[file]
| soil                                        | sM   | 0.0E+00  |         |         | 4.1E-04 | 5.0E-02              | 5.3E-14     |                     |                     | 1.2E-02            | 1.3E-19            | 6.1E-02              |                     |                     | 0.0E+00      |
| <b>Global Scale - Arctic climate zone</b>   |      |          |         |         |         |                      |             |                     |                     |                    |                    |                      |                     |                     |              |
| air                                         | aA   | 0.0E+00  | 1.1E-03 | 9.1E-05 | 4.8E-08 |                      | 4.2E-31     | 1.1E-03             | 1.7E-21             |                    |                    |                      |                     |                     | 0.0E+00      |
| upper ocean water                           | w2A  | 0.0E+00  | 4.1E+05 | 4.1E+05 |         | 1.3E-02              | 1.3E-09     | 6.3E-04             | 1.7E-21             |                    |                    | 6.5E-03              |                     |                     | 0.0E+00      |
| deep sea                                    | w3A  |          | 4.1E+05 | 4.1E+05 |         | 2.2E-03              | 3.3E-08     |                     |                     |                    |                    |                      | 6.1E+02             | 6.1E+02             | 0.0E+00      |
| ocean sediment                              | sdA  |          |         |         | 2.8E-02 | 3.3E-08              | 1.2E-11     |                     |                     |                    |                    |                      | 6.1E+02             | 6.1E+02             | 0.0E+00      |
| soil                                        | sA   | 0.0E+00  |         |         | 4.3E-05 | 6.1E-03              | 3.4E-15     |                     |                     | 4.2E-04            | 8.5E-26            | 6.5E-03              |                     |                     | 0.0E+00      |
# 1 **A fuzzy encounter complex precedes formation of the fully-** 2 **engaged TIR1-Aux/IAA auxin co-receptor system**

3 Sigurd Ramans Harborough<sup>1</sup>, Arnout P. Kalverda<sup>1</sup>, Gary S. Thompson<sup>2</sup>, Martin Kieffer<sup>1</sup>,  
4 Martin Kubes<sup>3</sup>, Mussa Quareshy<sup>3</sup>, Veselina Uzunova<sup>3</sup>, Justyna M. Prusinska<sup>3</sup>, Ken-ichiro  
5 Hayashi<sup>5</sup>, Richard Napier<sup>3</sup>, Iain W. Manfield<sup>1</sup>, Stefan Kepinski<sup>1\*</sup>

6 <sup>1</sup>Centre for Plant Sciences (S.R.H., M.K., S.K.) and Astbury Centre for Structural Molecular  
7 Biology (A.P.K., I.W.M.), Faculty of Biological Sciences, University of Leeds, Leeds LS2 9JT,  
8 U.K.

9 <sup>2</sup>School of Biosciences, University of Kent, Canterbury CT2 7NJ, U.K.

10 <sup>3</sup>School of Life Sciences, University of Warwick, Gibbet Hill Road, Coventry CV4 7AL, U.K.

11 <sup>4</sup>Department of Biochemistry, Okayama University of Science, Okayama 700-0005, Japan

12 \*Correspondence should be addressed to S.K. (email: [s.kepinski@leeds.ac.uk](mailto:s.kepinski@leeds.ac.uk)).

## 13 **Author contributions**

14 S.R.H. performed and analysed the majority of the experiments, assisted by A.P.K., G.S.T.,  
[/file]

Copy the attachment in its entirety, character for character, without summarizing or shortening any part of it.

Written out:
| soil                                        | sM   | 0.0E+00  |         |         | 4.1E-04 | 5.0E-02              | 5.3E-14     |                     |                     | 1.2E-02            | 1.3E-19            | 6.1E-02              |                     |                     | 0.0E+00      |
| <b>Global Scale - Arctic climate zone</b>   |      |          |         |         |         |                      |             |                     |                     |                    |                    |                      |                     |                     |              |
| air                                         | aA   | 0.0E+00  | 1.1E-03 | 9.1E-05 | 4.8E-08 |                      | 4.2E-31     | 1.1E-03             | 1.7E-21             |                    |                    |                      |                     |                     | 0.0E+00      |
| upper ocean water                           | w2A  | 0.0E+00  | 4.1E+05 | 4.1E+05 |         | 1.3E-02              | 1.3E-09     | 6.3E-04             | 1.7E-21             |                    |                    | 6.5E-03              |                     |                     | 0.0E+00      |
| deep sea                                    | w3A  |          | 4.1E+05 | 4.1E+05 |         | 2.2E-03              | 3.3E-08     |                     |                     |                    |                    |                      | 6.1E+02             | 6.1E+02             | 0.0E+00      |
| ocean sediment                              | sdA  |          |         |         | 2.8E-02 | 3.3E-08              | 1.2E-11     |                     |                     |                    |                    |                      | 6.1E+02             | 6.1E+02             | 0.0E+00      |
| soil                                        | sA   | 0.0E+00  |         |         | 4.3E-05 | 6.1E-03              | 3.4E-15     |                     |                     | 4.2E-04            | 8.5E-26            | 6.5E-03              |                     |                     | 0.0E+00      |
# 1 **A fuzzy encounter complex precedes formation of the fully-** 2 **engaged TIR1-Aux/IAA auxin co-receptor system**

3 Sigurd Ramans Harborough<sup>1</sup>, Arnout P. Kalverda<sup>1</sup>, Gary S. Thompson<sup>2</sup>, Martin Kieffer<sup>1</sup>,  
4 Martin Kubes<sup>3</sup>, Mussa Quareshy<sup>3</sup>, Veselina Uzunova<sup>3</sup>, Justyna M. Prusinska<sup>3</sup>, Ken-ichiro  
5 Hayashi<sup>5</sup>, Richard Napier<sup>3</sup>, Iain W. Manfield<sup>1</sup>, Stefan Kepinski<sup>1\*</sup>

6 <sup>1</sup>Centre for Plant Sciences (S.R.H., M.K., S.K.) and Astbury Centre for Structural Molecular  
7 Biology (A.P.K., I.W.M.), Faculty of Biological Sciences, University of Leeds, Leeds LS2 9JT,  
8 U.K.

9 <sup>2</sup>School of Biosciences, University of Kent, Canterbury CT2 7NJ, U.K.

10 <sup>3</sup>School of Life Sciences, University of Warwick, Gibbet Hill Road, Coventry CV4 7AL, U.K.

11 <sup>4</sup>Department of Biochemistry, Okayama University of Science, Okayama 700-0005, Japan

12 \*Correspondence should be addressed to S.K. (email: [s.kepinski@leeds.ac.uk](mailto:s.kepinski@leeds.ac.uk)).

## 13 **Author contributions**

14 S.R.H. performed and analysed the majority of the experiments, assisted by A.P.K., G.S.T.,  